Prostate cancer is the most common cancer in men in the UK, with over 40,000 new cases diagnosed every year.
Prostate cancer usually develops slowly, so there may be no signs you have it for many years.
Symptoms often only become apparent when your prostate is large enough to affect the urethra (the tube that carries urine from the bladder to the penis).
When this happens, you may notice things like an increased need to urinate, straining while urinating and a feeling your bladder has not fully emptied.
Click on the link below for information from "Prostate Cancer UK"
What are the symptoms of prostate cancer?
Most men with early prostate cancer have no
symptoms at all.
But some men have some of
the symptoms . Other possible symptoms of prostate
cancer include pain in your back, hips or pelvis
that was not there before.
These other symptoms
could be caused by general aches and pains
or other conditions like arthritis. It is still a good
idea to get them checked out by your GP.
The cause of most cardiovascular disease is a build-up of atheroma - a fatty deposit within the inside lining of arteries. There are lifestyle factors that can be taken to reduce the risk of forming atheroma. These include not smoking; choosing healthy foods; a low salt intake; regular physical activity; keeping your weight and waist size down; drinking alcohol in moderation.
What is cardiovascular disease?
Cardiovascular diseases are diseases of the heart (cardiac muscle) or blood vessels (vasculature). However, in practice, when doctors use the term cardiovascular disease they usually mean diseases of the heart or blood vessels that are caused by atheroma.
Cancer of the testicles, also known as testicular cancer, is one of the less common cancers. It usually affects younger men between the ages of 15 and 49.
The most common symptom is a painless lump or swelling in the testicles. Other symptoms can include:
a dull ache in the scrotum (the sac of skin that hangs underneath the penis and contains the testicles)
a feeling of heaviness in the scrotum
Men should check their testicles every month for any unusual lumps, much like women are advised to check for breast lumps regularly.
Read more about the symptoms of testicular cancer.
The testicles are the two oval-shaped male sex organs that sit inside the scrotum on either side of the penis.
The testicles are an important part of the male reproductive system because they produce sperm and the hormone testosterone, which plays a major role in male sexual development.
Types of testicular cancer
The different types of testicular cancer are classified by the type of cells the cancer first begins in.
The most common type of testicular cancer is known as ‘germ cell testicular cancer’, which accounts for around 95% of all cases. Germ cells are a type of cell that the body uses to help create sperm.
There are two main subtypes of germ cell testicular cancer. They are:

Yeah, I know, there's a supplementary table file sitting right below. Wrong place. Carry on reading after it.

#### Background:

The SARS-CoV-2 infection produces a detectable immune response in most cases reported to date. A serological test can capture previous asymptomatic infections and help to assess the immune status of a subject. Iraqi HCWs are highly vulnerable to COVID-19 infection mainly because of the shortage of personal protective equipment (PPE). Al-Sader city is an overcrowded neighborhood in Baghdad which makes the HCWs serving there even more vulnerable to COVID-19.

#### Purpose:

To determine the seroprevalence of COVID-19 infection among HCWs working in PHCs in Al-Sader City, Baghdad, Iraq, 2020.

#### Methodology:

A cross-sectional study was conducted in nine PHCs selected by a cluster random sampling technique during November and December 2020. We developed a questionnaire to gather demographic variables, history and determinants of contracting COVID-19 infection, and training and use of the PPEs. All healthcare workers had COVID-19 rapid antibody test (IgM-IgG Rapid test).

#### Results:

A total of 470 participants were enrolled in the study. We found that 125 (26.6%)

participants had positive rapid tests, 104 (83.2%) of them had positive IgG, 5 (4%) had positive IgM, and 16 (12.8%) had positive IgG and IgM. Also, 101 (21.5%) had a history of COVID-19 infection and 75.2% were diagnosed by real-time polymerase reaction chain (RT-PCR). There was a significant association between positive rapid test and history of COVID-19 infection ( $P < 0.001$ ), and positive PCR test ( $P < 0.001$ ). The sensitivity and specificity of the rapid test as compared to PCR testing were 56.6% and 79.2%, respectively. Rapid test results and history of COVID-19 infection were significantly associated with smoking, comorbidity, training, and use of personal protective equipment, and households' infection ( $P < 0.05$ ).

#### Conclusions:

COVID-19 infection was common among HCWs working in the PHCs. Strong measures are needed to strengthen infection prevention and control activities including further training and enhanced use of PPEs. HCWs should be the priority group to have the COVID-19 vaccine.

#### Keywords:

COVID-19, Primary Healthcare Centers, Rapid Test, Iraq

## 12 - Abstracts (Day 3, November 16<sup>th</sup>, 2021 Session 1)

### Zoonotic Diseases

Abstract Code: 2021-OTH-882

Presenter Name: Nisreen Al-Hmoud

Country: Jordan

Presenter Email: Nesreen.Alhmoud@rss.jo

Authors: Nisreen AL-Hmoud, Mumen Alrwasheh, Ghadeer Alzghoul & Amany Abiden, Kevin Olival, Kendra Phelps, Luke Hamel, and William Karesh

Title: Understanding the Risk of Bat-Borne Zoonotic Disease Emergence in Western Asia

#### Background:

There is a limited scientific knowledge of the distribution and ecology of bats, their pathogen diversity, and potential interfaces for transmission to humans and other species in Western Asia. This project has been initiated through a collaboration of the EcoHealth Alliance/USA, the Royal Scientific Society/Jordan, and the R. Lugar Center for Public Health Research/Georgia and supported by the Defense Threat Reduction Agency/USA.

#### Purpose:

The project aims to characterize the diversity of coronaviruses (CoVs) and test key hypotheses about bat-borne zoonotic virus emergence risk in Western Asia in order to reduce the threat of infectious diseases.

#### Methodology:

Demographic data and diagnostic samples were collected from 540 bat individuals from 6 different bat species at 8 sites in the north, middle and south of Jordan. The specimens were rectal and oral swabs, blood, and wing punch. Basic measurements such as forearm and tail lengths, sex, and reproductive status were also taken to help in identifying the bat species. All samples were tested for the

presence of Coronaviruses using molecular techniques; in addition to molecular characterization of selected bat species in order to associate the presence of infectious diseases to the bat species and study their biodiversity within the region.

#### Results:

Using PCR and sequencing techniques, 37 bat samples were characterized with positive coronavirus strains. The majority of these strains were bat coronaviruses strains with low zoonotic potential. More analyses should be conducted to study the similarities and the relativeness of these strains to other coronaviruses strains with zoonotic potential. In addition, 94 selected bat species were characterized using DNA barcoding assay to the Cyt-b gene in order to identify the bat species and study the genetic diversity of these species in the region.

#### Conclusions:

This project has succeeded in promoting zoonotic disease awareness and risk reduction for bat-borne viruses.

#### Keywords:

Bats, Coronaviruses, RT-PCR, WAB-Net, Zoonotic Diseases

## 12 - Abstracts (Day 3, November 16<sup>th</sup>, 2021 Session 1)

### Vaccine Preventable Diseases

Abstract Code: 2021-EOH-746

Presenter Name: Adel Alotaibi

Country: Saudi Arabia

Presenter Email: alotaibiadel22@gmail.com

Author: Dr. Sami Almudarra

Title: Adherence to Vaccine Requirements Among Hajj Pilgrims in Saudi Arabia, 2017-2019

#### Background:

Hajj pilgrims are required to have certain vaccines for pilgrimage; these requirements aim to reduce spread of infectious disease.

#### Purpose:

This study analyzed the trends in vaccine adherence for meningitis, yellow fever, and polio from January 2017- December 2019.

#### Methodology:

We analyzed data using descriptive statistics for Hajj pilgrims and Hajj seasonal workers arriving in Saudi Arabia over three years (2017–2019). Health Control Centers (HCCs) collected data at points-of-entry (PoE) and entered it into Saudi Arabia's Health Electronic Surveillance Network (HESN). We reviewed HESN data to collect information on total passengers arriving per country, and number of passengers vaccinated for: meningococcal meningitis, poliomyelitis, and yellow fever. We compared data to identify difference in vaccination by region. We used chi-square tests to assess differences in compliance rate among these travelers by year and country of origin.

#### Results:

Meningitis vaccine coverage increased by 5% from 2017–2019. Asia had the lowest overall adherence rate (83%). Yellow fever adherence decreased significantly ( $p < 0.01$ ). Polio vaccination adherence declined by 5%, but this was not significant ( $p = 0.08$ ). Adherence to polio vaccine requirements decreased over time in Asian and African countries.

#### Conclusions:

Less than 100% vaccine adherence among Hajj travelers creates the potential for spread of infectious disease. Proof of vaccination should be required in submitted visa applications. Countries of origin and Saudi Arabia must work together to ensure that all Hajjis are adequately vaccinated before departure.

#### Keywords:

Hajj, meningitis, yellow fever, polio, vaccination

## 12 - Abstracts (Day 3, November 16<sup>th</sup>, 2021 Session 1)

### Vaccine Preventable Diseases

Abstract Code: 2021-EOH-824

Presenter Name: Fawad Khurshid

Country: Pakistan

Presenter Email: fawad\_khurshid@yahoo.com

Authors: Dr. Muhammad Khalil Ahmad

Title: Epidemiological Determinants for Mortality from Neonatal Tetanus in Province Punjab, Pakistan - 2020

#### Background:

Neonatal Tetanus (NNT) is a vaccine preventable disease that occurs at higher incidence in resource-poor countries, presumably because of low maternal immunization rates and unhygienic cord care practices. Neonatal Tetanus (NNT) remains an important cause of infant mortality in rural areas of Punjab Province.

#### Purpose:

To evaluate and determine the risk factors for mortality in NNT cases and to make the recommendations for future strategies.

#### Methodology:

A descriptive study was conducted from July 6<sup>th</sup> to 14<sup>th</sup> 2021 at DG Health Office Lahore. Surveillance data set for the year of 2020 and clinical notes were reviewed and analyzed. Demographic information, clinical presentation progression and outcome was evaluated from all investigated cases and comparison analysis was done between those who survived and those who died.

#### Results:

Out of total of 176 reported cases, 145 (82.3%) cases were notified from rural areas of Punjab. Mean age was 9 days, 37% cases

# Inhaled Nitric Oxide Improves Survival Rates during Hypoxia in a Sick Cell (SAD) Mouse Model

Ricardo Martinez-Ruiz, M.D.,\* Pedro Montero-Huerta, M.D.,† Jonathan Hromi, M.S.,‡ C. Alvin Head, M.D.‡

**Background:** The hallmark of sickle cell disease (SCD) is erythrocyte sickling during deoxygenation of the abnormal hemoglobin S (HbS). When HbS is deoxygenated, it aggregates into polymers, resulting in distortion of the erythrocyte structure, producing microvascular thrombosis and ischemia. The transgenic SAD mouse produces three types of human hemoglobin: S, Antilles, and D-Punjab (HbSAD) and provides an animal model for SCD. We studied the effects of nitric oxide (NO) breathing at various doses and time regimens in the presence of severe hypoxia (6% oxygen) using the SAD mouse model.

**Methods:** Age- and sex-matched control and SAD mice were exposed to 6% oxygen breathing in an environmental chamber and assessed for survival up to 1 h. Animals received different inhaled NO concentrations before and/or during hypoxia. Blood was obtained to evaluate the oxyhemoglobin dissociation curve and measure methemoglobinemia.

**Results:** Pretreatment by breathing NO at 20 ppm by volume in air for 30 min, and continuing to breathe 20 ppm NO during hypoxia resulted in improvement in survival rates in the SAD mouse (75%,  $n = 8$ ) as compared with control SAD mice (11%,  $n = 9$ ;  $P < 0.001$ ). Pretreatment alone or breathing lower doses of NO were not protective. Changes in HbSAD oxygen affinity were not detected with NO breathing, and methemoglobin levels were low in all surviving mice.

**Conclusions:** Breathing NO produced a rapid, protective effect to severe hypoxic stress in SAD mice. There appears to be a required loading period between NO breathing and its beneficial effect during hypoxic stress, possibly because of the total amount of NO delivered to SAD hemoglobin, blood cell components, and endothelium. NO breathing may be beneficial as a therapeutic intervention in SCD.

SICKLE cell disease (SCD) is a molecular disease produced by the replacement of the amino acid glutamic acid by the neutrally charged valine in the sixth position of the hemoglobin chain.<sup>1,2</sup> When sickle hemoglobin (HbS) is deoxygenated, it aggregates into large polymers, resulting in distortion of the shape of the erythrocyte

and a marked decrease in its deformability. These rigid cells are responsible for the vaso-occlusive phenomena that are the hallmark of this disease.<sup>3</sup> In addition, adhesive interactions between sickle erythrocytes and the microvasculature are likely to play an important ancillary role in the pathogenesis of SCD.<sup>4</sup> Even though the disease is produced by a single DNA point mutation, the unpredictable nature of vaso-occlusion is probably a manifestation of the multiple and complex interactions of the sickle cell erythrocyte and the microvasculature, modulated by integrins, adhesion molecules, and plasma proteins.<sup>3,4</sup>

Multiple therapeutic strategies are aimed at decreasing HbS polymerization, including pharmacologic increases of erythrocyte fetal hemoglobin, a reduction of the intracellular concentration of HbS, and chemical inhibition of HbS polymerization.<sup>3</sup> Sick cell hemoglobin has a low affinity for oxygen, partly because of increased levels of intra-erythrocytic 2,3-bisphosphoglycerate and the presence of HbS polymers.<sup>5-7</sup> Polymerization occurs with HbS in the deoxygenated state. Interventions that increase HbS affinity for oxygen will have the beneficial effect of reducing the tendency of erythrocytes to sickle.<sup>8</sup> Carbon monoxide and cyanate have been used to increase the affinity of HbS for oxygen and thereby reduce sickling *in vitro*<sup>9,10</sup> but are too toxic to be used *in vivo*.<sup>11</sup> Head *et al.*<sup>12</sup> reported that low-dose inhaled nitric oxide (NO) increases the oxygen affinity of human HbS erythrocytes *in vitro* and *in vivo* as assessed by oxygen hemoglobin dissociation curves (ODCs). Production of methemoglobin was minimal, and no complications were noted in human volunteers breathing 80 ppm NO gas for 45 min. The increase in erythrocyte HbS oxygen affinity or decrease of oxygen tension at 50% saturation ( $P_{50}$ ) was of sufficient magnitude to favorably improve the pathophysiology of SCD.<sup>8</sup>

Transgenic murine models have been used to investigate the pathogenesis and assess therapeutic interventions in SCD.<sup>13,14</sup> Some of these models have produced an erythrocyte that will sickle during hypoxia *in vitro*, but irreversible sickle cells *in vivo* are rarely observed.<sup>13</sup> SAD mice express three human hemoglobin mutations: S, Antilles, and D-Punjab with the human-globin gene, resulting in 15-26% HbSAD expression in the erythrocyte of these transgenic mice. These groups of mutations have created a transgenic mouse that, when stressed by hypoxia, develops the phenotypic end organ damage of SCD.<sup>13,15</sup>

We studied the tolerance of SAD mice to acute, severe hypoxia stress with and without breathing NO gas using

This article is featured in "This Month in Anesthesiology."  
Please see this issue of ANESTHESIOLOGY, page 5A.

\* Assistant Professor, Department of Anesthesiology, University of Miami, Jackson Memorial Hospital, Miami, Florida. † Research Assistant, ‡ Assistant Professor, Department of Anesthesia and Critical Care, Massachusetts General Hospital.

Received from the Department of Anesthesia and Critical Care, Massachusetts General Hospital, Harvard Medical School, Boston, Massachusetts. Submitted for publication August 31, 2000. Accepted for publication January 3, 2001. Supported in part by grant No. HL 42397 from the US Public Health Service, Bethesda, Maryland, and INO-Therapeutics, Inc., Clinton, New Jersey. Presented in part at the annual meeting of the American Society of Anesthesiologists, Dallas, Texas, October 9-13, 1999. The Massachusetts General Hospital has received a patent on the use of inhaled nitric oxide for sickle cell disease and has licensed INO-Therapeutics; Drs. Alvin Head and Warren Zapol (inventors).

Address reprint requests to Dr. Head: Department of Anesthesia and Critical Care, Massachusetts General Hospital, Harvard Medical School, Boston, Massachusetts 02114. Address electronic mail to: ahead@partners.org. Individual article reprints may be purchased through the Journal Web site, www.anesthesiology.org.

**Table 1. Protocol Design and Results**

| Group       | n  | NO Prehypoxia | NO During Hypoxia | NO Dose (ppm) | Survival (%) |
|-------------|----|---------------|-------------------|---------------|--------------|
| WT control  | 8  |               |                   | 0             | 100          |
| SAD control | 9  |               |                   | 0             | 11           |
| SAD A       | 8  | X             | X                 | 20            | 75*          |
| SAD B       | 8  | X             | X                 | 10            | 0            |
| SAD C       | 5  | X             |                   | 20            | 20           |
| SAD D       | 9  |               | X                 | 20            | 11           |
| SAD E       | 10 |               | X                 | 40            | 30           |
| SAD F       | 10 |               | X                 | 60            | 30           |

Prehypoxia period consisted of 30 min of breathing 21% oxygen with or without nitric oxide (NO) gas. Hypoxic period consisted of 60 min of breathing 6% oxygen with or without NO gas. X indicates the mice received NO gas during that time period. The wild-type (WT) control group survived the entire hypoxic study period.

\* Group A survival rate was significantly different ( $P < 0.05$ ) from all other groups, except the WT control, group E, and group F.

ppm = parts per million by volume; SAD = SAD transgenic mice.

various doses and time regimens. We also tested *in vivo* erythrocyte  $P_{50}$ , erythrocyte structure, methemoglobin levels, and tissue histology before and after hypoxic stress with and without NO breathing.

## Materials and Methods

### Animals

seminomas, which account for around 40-45% of all germ cell testicular cancers
non-seminomas, which account for around 40-45% of all germ cell testicular cancers
Seminomas and non-seminomas tend to respond well to chemotherapy, a treatment that uses medication to kill cancer cells.
Less common types of testicular cancer include:
Leydig cell tumours, which account for around 1-3% of cases
Sertoli cell tumours, which account for around 1% of cases
Lymphoma, which accounts for around 4% of cases
This article focuses on germ cell testicular cancer. Contact Macmillan for more information on Leydig cell tumour and Sertoli cell tumour.
Read information about Hodgkin lymphoma and Non-Hodgkin lymphoma.
How common is testicular cancer?
Testicular cancer is relatively uncommon, accounting for just 1% of all cancers that occur in men.
Each year in the UK around 2,300 men are diagnosed with testicular cancer, according to Cancer Research UK.
Testicular cancer is unusual compared to other cancers because it tends to affect younger men. As a result, although relatively uncommon overall, testicular cancer is the most common type of cancer to affect men between the ages of 15 and 49.
Rates of testicular cancer are five times higher in white men than in black men. The reasons for this are unclear.
The number of cases of testicular cancer that are diagnosed each year in the UK has roughly doubled since the mid-1970s. Again, the reasons for this are unclear.
Causes of testicular cancer
The cause or causes of testicular cancer are unknown, but a number of things have been identified that increase the chance of developing the condition. These include:
having a family history of testicular cancer
being born with undescended testicles (cryptorchidism). About 3-5% of boys are born with their testicles located inside their abdomen, which usually descend into the scrotum during the first four months of life
Read more about the causes of testicular cancer.
Testicular cancer is one of the most treatable types of cancer. More than 96% of men with early stage testicular cancer will be completely cured.
Even cases of more advanced testicular cancer, where the cancer has spread outside the testicles to nearby tissue, have an 80% chance of being cured.
Compared to other cancers, deaths from testicular cancer are rare. Cancer Research UK say that around 70 men die from testicular cancer every year in the UK.
Treatment for testicular cancer includes the surgical removal of the affected testicle (which should not affect fertility or the ability to have sex), and chemotherapy. Less commonly, radiotherapy (a treatment that uses radiation to kill cancer cells) may be used for seminomas.